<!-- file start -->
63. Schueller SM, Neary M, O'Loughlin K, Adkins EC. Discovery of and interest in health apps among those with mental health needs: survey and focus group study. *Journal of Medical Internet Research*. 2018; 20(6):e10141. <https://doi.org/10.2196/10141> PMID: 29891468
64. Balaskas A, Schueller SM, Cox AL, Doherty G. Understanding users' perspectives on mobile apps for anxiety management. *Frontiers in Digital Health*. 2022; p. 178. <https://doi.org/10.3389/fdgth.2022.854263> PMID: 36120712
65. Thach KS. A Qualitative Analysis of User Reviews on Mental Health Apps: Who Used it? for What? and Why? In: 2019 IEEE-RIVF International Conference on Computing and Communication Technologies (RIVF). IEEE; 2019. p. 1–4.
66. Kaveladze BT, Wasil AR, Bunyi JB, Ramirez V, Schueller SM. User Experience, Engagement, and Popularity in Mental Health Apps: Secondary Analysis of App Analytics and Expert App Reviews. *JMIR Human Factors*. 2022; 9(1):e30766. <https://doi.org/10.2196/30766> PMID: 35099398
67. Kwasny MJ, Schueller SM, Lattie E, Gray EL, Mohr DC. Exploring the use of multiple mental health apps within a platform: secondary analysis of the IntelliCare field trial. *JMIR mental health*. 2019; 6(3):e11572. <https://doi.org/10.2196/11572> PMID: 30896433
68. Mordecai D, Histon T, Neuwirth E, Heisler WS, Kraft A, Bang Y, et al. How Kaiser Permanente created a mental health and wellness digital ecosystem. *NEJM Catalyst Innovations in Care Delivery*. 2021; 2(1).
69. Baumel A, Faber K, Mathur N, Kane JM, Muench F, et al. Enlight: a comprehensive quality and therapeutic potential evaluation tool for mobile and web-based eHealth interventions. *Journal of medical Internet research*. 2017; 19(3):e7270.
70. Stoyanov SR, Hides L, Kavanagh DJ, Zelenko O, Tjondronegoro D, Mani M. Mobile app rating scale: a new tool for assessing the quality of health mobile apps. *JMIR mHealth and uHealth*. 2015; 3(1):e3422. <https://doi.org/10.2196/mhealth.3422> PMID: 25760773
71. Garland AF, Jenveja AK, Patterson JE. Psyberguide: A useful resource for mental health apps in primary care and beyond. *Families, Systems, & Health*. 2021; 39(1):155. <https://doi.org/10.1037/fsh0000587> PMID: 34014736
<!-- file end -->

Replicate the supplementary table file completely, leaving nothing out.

63. Schueller SM, Neary M, O'Loughlin K, Adkins EC. Discovery of and interest in health apps among those with mental health needs: survey and focus group study. *Journal of Medical Internet Research*. 2018; 20(6):e10141. <https://doi.org/10.2196/10141> PMID: 29891468
64. Balaskas A, Schueller SM, Cox AL, Doherty G. Understanding users' perspectives on mobile apps for anxiety management. *Frontiers in Digital Health*. 2022; p. 178. <https://doi.org/10.3389/fdgth.2022.854263> PMID: 36120712
65. Thach KS. A Qualitative Analysis of User Reviews on Mental Health Apps: Who Used it? for What? and Why? In: 2019 IEEE-RIVF International Conference on Computing and Communication Technologies (RIVF). IEEE; 2019. p. 1–4.
66. Kaveladze BT, Wasil AR, Bunyi JB, Ramirez V, Schueller SM. User Experience, Engagement, and Popularity in Mental Health Apps: Secondary Analysis of App Analytics and Expert App Reviews. *JMIR Human Factors*. 2022; 9(1):e30766. <https://doi.org/10.2196/30766> PMID: 35099398
67. Kwasny MJ, Schueller SM, Lattie E, Gray EL, Mohr DC. Exploring the use of multiple mental health apps within a platform: secondary analysis of the IntelliCare field trial. *JMIR mental health*. 2019; 6(3):e11572. <https://doi.org/10.2196/11572> PMID: 30896433
68. Mordecai D, Histon T, Neuwirth E, Heisler WS, Kraft A, Bang Y, et al. How Kaiser Permanente created a mental health and wellness digital ecosystem. *NEJM Catalyst Innovations in Care Delivery*. 2021; 2(1).
69. Baumel A, Faber K, Mathur N, Kane JM, Muench F, et al. Enlight: a comprehensive quality and therapeutic potential evaluation tool for mobile and web-based eHealth interventions. *Journal of medical Internet research*. 2017; 19(3):e7270.
70. Stoyanov SR, Hides L, Kavanagh DJ, Zelenko O, Tjondronegoro D, Mani M. Mobile app rating scale: a new tool for assessing the quality of health mobile apps. *JMIR mHealth and uHealth*. 2015; 3(1):e3422. <https://doi.org/10.2196/mhealth.3422> PMID: 25760773
71. Garland AF, Jenveja AK, Patterson JE. Psyberguide: A useful resource for mental health apps in primary care and beyond. *Families, Systems, & Health*. 2021; 39(1):155. <https://doi.org/10.1037/fsh0000587> PMID: 34014736